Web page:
1. Israel was the subject of more cumulative airtime than the next nine stories combined
2. "Doubts as to the very credibility of their reporting"
3. "Israel sets new highs in media interest" (NY Jewish Week, Jan. 3, 2003)
4. Op-ed by Daniel Seaman (Yediot Ahronot, Dec. 30, 2002)
[Note by Tom Gross]
I attach two articles concerning the international media obsession with Israel, with a brief summary of each first:
1. "Israel sets new highs in media interest" (NY Jewish Week, January 3, 2003). According to a study by one of American's leading research institutes, in 2002 Israel attracted an unprecedented amount of media interest. Between the end of March and the end of June Israel's war was the subject of more cumulative airtime on the ABC, CBS and NBC evening news than the next nine stories combined, including America's own war in Afghanistan.
Most of this coverage was in America, as in the rest of the world, greatly slanted against Israel. For example, The New York Times (Dec. 29) log of events in 2002 had these highlights: March 28, "Arab world agrees to relations with Israel if land is returned" (a non-event that could have been true any day for the past 20 years) followed directly by March 29, "Israel invades Yasser Arafat's headquarters, 5 Palestinians, 1 Israeli die," leaving the sequential illusion that the Arab peace offer was met with nothing but Israeli violence. In fact, on March 27 (marked only as the death of Milton Berle, by the Times) twenty-nine Israelis were murdered at the Netanya Passover hotel bomb, something the Times mentioned not in the calendar but in a footnote.
“DOUBTS AS TO THE VERY CREDIBILITY OF THEIR REPORTING”
2. Op-Ed by Daniel Seaman, Director of Israel Government Press Office (Yediot Ahronot, Dec. 30, 2002). As in previous years, the Government Press Office has made considerable arrangements and efforts for the convenience of the foreign journalists pouring into Israel, including importing 25 bulletproof cars into the country, says Seaman. "Every foreign journalist knows that GPO employees will help them at all times of the day and night, seven days a week, including the Sabbath and holidays," despite "the coordination of mendacious reports [by some foreign correspondents] and links with senior Palestinian Authority officials, the nature of which raises doubts as to the very credibility of their reporting."
Yet, says Seaman, "some members of the foreign press" based in Israel have greeted this hospitality, by "turning to slander" and threatening to "send" the Director of the GPO "to hell." Seaman says it is high time that certain foreign journalists stopped "discussing the Palestinian struggle in the first person" during their private conversations.
-- Tom Gross
ISRAEL SETS NEW HIGHS IN MEDIA INTEREST
Israel sets new highs in media interest
By Jonathan Mark
The (New York) Jewish Week
January 3, 2003
Israel never suffered from a lack of attention, but in 2002 the Jewish state attracted a surge of public interest surpassing anything in the past decade.
According to a study by the Pew Research Center for the Public and the Press, released at year's end, Israel's civil war was "one of the most closely followed international stories in Pew's 16-year history of measuring news attentiveness."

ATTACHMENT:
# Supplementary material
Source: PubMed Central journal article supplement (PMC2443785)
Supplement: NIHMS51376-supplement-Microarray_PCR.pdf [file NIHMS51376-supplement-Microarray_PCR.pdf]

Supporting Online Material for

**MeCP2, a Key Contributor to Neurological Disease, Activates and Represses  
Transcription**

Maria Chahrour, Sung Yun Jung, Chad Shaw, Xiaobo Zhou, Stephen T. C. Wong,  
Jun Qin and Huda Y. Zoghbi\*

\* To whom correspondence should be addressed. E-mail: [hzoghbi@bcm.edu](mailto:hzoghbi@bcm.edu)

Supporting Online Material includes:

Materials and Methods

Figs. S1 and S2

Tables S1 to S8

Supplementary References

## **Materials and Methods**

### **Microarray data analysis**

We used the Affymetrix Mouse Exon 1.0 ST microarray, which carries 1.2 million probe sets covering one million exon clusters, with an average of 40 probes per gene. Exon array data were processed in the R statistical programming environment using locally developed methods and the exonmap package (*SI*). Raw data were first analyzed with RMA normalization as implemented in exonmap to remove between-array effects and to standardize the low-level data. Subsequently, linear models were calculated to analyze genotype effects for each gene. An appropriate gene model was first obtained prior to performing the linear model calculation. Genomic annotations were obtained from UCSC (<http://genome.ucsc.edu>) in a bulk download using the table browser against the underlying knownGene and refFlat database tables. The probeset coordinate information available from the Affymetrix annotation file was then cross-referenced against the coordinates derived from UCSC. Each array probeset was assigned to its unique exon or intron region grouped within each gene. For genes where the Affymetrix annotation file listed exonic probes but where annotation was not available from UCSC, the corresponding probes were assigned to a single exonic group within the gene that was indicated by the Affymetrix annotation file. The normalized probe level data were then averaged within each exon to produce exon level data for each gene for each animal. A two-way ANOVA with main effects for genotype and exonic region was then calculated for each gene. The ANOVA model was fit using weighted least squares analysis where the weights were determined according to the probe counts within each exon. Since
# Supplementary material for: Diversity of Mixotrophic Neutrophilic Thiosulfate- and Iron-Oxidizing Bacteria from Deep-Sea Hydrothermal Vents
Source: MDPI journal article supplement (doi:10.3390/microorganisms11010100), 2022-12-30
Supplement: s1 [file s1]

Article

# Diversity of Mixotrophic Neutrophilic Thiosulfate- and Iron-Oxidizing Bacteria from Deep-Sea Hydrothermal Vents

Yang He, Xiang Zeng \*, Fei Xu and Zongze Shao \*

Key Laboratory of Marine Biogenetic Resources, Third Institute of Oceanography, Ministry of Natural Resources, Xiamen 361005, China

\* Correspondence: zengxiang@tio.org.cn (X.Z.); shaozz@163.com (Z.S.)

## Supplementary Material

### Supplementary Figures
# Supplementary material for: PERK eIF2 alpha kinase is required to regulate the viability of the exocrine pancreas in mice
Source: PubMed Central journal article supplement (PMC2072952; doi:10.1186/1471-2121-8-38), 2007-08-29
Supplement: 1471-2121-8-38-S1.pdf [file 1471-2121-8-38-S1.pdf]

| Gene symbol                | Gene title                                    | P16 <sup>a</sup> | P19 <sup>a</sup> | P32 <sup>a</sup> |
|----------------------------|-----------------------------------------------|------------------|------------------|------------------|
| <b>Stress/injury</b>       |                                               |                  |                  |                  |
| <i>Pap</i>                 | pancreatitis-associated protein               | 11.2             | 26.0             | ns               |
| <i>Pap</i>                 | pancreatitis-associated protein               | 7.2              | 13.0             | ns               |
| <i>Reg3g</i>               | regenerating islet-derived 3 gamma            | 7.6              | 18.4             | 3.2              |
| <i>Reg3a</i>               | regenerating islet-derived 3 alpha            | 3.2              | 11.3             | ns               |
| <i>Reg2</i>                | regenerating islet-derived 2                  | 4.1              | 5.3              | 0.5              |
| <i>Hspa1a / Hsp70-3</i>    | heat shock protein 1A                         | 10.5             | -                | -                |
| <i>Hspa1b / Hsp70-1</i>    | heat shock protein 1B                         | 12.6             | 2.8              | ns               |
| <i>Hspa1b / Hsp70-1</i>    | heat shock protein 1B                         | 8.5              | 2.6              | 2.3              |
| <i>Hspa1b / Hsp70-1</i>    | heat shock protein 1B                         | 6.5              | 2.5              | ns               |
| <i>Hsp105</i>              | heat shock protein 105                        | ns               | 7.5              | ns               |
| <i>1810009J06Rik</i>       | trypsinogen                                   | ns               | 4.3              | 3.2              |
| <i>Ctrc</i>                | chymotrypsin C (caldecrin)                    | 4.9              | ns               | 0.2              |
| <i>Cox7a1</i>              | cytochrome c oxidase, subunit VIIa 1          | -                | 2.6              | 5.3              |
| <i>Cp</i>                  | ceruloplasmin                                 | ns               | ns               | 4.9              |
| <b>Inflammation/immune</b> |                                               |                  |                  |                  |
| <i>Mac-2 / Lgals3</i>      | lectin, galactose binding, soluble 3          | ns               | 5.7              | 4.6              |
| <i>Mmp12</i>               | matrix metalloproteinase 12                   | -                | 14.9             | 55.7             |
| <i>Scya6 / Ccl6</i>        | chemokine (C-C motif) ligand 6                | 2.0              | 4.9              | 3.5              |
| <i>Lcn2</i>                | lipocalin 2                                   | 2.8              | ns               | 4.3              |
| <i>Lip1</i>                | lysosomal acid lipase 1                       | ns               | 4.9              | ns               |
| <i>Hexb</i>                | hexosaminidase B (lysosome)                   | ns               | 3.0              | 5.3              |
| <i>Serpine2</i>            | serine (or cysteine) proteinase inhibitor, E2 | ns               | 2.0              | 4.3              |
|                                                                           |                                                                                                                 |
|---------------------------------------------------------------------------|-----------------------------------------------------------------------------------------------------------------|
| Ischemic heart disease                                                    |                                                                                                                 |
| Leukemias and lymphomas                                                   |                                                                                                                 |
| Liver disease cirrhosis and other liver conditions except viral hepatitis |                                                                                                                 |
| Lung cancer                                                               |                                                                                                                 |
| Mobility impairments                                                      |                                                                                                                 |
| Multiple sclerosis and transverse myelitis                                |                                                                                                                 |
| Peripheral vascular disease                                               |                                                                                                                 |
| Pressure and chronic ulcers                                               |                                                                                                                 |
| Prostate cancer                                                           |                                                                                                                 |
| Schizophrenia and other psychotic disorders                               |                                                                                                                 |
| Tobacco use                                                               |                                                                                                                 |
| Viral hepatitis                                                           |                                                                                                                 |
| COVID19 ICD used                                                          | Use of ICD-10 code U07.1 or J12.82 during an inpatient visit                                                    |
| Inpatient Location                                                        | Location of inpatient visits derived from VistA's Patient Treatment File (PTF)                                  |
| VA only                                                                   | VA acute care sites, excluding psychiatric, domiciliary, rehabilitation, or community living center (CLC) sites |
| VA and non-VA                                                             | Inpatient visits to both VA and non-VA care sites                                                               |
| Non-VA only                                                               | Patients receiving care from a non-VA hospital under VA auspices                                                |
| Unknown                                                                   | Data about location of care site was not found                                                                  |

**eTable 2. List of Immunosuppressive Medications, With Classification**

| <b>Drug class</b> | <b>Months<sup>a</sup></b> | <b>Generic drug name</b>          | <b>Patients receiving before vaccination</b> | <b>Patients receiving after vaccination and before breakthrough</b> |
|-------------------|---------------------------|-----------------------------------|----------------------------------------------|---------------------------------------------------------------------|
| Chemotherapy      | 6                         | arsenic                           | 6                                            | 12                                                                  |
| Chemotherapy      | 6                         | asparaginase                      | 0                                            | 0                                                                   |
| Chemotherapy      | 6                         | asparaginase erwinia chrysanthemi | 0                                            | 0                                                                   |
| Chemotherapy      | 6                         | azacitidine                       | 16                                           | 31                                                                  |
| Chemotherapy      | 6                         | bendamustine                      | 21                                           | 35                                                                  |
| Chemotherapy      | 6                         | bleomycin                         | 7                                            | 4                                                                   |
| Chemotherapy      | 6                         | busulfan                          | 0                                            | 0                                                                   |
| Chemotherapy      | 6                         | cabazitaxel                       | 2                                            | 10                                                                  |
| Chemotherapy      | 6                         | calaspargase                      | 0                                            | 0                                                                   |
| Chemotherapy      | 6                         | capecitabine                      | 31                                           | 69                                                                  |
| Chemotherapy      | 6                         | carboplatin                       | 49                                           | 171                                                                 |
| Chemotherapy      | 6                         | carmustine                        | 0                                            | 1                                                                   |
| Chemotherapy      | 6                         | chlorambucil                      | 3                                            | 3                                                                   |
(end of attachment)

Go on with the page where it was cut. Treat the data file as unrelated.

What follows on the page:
Additionally, there was a stretch in 2002 when Israel attracted more TV attention that can be expected for any story not directly involving Americans. The final tally on the year's television stories has yet to be concluded, but a preliminary finding by the Center for Media and Public Affairs (CMPA) found that between the end of March and the end of June – corresponding to the mass murder at the Netanya seder and Israel's retaliatory actions – Israel's war was the subject of more cumulative airtime on the ABC, CBS and NBC evening news than the next nine stories combined, including such major stories as the Catholic sex abuse scandal and America's own war in Afghanistan. This was before attention shifted to the Washington-area snipers, the debate over Iraq, and America's own war against terror.
(The sniper shootings was the No. 1 story of 2002, according to Pew's survey of public interest, followed by Iraq; the Pledge of Allegiance debate; homeland security; U.S. military efforts in Afghanistan; child kidnappings; the Israel-Palestinian war; FBI-CIA knowledge of 9-11; the first anniversary of 9-11; and the September terrorist alert. Israel was the only "non-American" story in the top 15).
Interest peaked in the spring, said Pew, when more than 44 percent of Americans said they tracked Israel's war "very closely," and another 33 percent "fairly closely," but in December the most intense interest slipped to 29 percent, still unusually high. And all this despite the fact that 2002 was, in a sense, just more of the same – there was no change in government, war was in its second year, and death became all too routine. Nevertheless, 2002 dwarfed all previous events. The historic Oslo peace agreement had only 23 percent of Americans paying very close attention, and interest in the first intifada ranged only between 11-18 percent, according to surveys at the time.
According to Israel's government press office, there are now 800 foreign journalists based in Israel, and 2,500 visiting journalists received Israeli press cards in 2002.
But if heightened interest in Israel was documented by Pew as well as the CMPA, two other year-end summations averted its glance at Israel's key moments. The Associated Press, for example, ran an on-line poll to determine their top 10 stories for 2002.